Women bearing greatest burdens of climate change

Campaigns and Advocacy, Media Releases article written on the 13 Nov 2008

Women throughout the world are bearing a bigger burden from climate change than men, an audience at an Oxfam Australia and Make Poverty History film launch will be told today.
In the lead-up to the crucial UN meeting on climate change in Poland from 1 December, women from Australian, Pacific and Bangladesh communities will form part of a diverse group of women helping Oxfam and Make Poverty History launch a series of short films, Sisters on the Planet, at the Museum of Sydney at 10.30am.
Women will join together to link arms around a giant world map and sign their names on a letter to Federal Environment Minister Penny Wong urging Australian leadership on the issue.
The films capture the inspiring stories of women who are tackling climate change head-on, from spearheading community efforts to adapt and prepare for flooding in Bangladesh, to finding the families of Papua New Guinea’s Carteret Islands a new homeland because of rising sea levels.
Oxfam Australia Climate Change Advocacy Coordinator Julie-Anne Richards, who will speak at the launch, said climate change hit women in developing countries harder than men as it exacerbated already existing social inequalities.
“Women often grow the family’s food, fetch fuel and water, and bring up the children. So when clean water becomes harder to find during a drought, crops are destroyed by floods, or children become sick as a result of dirty water or lack of food – women are hit hardest and they have to find solutions,” Ms Richards said.
She said there was compelling evidence that women were harder hit by natural disasters, which were increasing with climate change: “In the 1991 cyclone disaster in Bangladesh, the death rate was almost five times as high for women as for men,” she said. “This was because warning information was transmitted to men by men in public spaces.
“As many women are not allowed to leave the house without a male relative, they perished waiting for their relatives to return home and take them to a safe place.”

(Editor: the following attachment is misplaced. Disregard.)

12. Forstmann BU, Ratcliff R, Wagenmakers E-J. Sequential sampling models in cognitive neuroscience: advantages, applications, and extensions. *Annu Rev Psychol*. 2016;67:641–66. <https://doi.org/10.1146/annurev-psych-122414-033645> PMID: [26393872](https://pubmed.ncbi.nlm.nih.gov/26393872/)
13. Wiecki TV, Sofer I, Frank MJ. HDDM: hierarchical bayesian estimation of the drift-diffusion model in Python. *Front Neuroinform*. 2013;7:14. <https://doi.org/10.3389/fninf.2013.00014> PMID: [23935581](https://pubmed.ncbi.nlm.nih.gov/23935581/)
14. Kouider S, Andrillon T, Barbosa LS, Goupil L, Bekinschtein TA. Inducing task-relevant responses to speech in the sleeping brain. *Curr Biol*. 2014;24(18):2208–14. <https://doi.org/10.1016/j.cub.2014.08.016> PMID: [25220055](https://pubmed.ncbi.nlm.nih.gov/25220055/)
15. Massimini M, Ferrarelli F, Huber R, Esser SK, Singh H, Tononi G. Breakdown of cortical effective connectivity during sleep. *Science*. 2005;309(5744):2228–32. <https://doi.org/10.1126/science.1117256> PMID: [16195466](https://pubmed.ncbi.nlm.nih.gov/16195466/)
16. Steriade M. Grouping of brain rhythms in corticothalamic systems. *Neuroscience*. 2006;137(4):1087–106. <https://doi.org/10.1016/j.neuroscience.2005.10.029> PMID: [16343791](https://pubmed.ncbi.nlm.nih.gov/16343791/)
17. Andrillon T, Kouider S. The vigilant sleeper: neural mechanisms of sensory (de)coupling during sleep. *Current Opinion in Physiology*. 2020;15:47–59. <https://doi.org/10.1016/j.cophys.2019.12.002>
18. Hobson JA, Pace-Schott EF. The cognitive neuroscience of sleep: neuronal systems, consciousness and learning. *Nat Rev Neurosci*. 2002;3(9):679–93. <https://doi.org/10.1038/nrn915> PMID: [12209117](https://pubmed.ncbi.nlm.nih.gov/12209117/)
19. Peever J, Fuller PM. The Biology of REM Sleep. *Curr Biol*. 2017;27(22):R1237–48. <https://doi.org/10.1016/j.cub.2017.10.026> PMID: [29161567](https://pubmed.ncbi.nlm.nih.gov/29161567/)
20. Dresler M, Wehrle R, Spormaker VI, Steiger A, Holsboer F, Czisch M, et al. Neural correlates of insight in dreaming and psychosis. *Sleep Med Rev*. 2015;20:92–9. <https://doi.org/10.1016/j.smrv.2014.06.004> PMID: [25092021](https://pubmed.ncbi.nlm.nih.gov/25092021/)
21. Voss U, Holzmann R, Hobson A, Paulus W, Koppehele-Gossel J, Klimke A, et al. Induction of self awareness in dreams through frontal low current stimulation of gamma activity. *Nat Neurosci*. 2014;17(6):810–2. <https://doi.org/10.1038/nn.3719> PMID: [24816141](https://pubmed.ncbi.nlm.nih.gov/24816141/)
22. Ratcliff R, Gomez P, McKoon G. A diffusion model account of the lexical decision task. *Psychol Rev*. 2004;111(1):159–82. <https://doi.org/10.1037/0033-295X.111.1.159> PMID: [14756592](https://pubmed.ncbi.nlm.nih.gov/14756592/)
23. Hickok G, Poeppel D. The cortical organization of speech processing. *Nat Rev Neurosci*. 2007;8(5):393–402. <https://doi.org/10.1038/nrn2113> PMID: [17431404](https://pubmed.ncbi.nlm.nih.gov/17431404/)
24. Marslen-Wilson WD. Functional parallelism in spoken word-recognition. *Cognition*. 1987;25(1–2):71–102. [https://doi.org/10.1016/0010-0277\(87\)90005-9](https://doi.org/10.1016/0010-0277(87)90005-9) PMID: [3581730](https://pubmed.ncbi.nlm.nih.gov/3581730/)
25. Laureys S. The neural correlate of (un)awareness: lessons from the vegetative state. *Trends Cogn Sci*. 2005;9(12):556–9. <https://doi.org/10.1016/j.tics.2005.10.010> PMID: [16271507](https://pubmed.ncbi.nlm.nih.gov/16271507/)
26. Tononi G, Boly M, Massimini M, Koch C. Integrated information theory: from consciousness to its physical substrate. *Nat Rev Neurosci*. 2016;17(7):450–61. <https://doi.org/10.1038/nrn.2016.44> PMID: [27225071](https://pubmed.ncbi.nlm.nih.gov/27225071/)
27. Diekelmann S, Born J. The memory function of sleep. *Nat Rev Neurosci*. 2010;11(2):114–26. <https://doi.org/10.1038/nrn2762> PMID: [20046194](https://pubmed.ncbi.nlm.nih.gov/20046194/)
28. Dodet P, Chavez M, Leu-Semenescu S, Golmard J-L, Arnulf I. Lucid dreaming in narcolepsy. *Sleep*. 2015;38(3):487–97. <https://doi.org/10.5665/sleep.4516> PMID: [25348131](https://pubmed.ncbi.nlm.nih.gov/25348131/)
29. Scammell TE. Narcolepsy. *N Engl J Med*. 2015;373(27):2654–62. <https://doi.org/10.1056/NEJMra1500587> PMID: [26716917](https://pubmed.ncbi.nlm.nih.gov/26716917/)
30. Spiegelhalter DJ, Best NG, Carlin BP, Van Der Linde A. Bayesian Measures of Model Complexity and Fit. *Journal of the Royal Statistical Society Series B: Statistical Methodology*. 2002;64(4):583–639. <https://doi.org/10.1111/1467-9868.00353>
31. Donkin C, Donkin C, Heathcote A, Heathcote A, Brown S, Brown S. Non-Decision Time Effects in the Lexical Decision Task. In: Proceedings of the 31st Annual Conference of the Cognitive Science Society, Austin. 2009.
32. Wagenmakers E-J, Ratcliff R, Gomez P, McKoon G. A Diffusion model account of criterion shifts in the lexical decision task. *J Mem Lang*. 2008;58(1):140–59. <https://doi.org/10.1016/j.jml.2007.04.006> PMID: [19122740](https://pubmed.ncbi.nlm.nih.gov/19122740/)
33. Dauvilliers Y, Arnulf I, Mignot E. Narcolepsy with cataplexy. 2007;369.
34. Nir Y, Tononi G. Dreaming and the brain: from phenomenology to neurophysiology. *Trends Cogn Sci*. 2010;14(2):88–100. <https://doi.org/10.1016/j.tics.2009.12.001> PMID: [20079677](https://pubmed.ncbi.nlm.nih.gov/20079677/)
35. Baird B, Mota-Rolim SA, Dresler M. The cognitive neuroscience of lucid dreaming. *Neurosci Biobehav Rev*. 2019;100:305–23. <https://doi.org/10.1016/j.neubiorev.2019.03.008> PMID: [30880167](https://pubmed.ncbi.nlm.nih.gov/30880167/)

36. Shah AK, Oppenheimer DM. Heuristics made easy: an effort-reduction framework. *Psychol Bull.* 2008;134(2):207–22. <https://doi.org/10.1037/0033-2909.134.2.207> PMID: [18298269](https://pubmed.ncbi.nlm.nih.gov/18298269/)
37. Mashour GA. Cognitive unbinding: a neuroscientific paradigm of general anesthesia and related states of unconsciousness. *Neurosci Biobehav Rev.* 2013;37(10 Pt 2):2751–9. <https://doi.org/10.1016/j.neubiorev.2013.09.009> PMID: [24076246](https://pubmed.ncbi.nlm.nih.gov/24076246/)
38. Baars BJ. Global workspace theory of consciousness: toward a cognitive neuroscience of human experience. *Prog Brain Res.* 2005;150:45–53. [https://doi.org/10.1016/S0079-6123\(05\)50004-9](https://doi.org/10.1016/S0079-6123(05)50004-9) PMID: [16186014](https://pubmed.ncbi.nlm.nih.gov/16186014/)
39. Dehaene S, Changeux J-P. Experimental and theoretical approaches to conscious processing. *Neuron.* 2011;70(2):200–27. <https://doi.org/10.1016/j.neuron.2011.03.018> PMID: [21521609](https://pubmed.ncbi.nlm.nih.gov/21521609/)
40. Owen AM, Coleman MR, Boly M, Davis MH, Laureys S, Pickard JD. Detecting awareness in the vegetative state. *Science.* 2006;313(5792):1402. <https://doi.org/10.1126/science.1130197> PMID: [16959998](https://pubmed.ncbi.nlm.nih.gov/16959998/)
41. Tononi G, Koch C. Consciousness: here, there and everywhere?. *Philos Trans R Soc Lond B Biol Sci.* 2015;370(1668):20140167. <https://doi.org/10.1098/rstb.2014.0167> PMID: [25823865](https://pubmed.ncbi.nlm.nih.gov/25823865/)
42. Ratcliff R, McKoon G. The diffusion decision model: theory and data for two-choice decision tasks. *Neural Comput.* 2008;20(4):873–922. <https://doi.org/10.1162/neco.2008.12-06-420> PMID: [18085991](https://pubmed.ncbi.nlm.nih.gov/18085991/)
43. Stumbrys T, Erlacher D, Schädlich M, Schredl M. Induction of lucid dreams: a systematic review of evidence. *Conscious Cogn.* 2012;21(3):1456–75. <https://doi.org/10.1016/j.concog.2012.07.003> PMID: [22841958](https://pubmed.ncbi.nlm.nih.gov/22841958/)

“What is inspiring about these women in the films is the amazing changes they have been able to initiate, often with limited resources,” Ms Richards said. “It makes you wonder: if women from Bangladesh can inspire such change, what can we achieve, with the technology and networks that we have at our fingertips?”
Captured on film is the story of Helen Henry, of Hamilton, Victoria, who will speak at the launch. She has gone from concerned citizen to community leader – launching the group Future Makers, which is lowering the carbon footprint of the region by holding community leaders to account.
“If we wait for ourselves to be perfect, or our economy to be perfect, we may never take action at all,” Ms Henry said. “There will always be a reason why things are not perfect and why we cannot act, but, we must not wait to make things better.”
Maria Tiimon, of Kiribati, will speak of the heartbreaking impacts rising sea levels are having on her Pacific homeland.
The six Sisters on the Planet
• Helen Henry from Australia, who formed a group of concerned citizens in her hometown of Hamilton, Victoria, committed to the fight against climate change.
• Ursula Rakova, from Papua New Guinea, who is supporting her community as they are forced to relocate from their island because of climate change.
• Muriel Saragoussi, as a senior member of Brazil’s Environment Ministry, who uses her voice to ensure that women’s needs are taken into account in all environmental policies.
• Sahena Begum, who is teaching others the principles of disaster management to help them cope with increased flooding in their village in Bangladesh.
• Martina Longom from Uganda, where rain is increasingly infrequent, who is working to safeguard supplies of water, wood and food.
• Melissa Davies Oliveck, a teacher from the UK, who is inspiring her students in the fight against climate change by incorporating it into the school curriculum.
What needs to happen?
Australia must call for emissions reductions targets of at least 40 per cent by 2020 and 95 per cent by 2050 on 1990 levels.
Australia, as one of the world’s highest per capita emitters of greenhouse gases, must help provide developing countries, including our Pacific neighbours, with financing, to help them adapt to climate change.
We must help developing countries leapfrog the fossil fuel cycle by providing them with access to renewable technologies.
And we must do it with a sense of urgency because the millions of people facing climate change now cannot afford another year without bold and united leadership.

For further information, interviews or images, please contact Laurelle Keough, on 0409 960 100